It contain* more than one activity and serves more than one function. Uses commonly built into o community building include: laundry facilities, meeting rooms, recreation rooms and, in the case of family-oriented parks, day care centers. The building is normally constructed as port of a complex including structured outdoor recreation facilities, such as swimming pools and limited off-street parking. Community buildings should be designed with a residential character harmonious with the mobile home development. When constructed and managed properly, the community building can be a major osset to the mobile home environment. The key word becomes "management/' for after the mobile home development is established and the community building is constructed, it is the responsibility of the homeowners' association in subdivisions, and the operator in parks, to maintain the structure and operate the activity programs.

A secondary, but very important, function of the community building is that of storm shelter for mobile home residents. In areas of the country where dangerous storms might occur, a structurally adequate community building of ample capacity must be provided for the residents' safety.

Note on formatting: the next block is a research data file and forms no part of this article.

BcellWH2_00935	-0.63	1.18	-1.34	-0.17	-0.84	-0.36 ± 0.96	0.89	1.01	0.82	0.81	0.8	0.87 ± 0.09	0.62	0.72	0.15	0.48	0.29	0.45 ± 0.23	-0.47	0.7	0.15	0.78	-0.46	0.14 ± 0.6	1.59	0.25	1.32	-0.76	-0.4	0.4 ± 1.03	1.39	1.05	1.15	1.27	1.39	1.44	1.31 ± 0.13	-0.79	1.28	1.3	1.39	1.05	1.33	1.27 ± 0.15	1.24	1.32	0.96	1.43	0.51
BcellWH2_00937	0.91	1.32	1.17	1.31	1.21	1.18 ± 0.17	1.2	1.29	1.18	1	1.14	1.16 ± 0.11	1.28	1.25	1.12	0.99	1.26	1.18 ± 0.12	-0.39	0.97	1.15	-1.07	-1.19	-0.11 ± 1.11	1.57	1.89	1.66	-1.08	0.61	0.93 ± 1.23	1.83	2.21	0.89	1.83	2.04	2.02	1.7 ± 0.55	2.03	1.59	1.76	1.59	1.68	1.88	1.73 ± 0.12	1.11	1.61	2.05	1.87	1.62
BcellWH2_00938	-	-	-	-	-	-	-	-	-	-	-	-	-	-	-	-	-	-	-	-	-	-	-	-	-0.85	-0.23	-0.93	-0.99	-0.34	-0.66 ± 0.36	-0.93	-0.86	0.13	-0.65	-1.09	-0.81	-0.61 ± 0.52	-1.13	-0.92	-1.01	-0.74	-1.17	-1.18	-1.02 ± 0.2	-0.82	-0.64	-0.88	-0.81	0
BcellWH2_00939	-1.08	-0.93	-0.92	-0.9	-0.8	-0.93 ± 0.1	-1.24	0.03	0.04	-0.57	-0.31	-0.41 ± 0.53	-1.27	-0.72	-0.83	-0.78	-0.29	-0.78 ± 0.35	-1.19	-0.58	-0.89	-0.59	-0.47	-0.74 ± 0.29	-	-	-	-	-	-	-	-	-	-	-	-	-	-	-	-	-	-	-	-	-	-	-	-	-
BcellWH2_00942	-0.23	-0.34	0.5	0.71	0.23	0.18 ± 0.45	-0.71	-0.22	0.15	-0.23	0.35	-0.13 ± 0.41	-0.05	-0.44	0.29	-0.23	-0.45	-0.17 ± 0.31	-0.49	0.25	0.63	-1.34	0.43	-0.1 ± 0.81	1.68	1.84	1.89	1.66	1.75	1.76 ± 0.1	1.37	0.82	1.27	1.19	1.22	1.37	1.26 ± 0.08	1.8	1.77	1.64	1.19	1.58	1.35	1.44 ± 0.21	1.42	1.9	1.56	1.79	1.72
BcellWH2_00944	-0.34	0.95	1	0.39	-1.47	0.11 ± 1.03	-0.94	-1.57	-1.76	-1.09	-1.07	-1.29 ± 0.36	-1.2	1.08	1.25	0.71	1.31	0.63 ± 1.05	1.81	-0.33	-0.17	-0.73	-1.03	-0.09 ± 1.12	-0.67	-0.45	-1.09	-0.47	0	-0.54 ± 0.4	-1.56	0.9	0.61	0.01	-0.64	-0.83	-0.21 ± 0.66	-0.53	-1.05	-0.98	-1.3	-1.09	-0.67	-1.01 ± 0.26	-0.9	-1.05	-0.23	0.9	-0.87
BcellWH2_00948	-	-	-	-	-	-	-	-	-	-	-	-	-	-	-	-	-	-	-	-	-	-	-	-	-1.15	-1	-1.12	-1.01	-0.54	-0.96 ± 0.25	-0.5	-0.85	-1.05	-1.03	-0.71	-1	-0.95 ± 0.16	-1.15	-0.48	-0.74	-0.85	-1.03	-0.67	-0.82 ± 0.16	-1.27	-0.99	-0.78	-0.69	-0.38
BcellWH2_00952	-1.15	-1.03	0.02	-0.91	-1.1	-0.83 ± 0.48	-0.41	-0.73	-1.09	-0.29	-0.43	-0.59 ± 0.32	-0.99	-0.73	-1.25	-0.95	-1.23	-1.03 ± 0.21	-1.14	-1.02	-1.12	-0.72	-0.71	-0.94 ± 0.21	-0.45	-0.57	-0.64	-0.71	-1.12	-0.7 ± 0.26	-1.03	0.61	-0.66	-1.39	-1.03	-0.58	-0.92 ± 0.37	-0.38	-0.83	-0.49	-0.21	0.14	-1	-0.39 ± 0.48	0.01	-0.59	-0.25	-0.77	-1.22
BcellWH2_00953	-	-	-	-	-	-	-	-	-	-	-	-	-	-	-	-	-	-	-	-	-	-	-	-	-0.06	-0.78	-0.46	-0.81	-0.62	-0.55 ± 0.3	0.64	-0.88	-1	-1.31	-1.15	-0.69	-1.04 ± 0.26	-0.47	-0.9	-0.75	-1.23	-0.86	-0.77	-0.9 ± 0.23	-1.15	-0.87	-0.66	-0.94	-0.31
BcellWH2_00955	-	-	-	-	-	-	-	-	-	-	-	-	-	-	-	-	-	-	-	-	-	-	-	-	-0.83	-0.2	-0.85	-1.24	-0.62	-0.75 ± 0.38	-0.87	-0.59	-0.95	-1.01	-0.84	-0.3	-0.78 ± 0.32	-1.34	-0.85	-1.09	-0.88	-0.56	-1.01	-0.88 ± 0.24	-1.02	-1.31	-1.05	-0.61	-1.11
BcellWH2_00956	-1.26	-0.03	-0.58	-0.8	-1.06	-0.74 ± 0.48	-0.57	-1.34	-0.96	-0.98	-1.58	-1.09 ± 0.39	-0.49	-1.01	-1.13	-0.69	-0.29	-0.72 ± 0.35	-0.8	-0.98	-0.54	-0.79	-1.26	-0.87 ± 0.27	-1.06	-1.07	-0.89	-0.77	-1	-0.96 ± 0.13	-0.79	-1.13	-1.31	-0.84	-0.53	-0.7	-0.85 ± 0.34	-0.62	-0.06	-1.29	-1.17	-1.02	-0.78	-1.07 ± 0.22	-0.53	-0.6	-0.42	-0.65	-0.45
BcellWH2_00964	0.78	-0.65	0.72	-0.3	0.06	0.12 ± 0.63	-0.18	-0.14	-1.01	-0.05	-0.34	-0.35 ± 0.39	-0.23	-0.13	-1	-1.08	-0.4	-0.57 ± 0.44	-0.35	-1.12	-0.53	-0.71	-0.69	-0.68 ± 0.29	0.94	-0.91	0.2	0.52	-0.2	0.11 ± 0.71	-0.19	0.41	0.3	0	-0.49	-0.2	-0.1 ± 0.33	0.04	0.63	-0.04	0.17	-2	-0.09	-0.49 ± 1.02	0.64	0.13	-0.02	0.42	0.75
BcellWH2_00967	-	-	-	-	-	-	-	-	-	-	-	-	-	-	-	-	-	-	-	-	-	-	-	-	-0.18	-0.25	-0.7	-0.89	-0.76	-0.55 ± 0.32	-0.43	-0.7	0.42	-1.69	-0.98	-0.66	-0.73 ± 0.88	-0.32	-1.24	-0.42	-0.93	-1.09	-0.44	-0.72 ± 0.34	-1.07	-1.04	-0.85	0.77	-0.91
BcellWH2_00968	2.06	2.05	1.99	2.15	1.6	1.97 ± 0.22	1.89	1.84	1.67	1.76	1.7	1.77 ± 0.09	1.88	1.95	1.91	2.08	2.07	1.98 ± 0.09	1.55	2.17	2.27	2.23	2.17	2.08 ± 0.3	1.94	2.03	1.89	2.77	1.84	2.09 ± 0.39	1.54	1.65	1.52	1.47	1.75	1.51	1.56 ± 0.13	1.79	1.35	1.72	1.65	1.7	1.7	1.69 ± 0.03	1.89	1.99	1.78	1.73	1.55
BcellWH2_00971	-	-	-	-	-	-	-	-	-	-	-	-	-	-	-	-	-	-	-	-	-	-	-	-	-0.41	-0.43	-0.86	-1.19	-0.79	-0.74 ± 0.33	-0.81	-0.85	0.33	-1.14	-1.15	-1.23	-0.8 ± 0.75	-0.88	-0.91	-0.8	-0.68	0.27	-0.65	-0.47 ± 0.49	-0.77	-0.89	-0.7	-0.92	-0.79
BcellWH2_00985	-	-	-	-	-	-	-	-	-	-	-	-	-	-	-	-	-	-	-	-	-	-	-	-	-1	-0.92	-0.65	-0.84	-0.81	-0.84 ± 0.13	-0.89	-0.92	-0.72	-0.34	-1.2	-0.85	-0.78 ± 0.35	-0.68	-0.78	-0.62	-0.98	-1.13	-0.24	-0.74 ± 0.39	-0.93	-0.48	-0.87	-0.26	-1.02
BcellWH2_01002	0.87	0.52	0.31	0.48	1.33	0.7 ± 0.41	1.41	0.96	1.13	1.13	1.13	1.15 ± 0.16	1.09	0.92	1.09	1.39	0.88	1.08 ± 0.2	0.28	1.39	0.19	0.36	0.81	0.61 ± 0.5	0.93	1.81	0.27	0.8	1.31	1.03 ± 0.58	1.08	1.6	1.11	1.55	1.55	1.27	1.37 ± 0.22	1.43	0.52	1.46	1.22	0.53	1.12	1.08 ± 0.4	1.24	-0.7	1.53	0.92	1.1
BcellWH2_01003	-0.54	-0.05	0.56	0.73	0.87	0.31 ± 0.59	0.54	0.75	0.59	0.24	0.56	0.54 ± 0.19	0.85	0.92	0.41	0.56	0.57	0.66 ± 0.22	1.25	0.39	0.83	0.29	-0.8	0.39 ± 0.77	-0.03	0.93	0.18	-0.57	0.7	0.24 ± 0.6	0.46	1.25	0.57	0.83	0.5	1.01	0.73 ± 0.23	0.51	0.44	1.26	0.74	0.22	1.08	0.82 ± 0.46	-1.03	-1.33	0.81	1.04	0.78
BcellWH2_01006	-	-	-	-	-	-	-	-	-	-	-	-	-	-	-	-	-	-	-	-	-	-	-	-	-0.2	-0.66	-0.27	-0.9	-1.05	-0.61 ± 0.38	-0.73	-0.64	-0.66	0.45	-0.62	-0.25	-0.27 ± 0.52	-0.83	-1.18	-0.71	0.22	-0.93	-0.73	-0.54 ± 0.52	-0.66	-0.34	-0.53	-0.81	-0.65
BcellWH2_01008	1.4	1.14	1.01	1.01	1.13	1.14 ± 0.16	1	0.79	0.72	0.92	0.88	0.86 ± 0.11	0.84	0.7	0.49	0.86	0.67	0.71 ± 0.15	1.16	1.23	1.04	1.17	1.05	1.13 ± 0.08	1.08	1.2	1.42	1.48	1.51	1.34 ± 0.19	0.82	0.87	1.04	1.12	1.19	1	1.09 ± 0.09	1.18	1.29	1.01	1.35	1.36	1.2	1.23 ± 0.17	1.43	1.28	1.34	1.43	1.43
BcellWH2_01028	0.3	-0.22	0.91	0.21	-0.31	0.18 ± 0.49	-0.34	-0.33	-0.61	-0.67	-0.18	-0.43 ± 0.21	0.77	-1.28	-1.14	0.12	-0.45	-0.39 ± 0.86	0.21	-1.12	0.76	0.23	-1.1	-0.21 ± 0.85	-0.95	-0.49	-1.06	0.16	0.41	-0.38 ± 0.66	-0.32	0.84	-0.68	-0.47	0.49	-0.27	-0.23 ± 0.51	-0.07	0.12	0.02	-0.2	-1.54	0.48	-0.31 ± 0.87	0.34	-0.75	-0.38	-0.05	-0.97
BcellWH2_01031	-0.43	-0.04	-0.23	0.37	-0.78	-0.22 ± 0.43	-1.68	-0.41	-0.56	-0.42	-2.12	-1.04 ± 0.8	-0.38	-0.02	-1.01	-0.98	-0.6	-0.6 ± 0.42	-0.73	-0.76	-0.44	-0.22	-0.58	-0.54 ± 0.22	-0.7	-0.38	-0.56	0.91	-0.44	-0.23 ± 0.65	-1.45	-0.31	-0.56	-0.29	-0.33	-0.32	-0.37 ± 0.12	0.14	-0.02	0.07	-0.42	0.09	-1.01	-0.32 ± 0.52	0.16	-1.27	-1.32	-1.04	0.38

The Mobile Home Manufacturers Association recommends that approximately 10 to 15 square feet of floor orea per mobile home unll should be provided.

Common Vehicular Storage Area

Much of the clutter and disarray in mobile home parks is due to the lock of a defined storage area for seldom-used vehicles or recreational vehicles. Provisions for storage of these vehicles should be included in the mobile home development, especially where lots ore small. In many mobile home parks, residents have more leisure time than their conventional housing counterparts; recreational equipment, snowmobiles, boats, and travel trailers are sometimes abundant. Recreational vehicles generally take up too much space to be stored on each individual home site. Common areas accessible to all residents of the development are necessary to store such vehicles or equipment. The storage area should be separated from the living areas of the site and should be a gravel or hard surface area enclosed by a secu rity fence and adequately screened from sight. At least one storage space should be provided for every 19 mobile homes.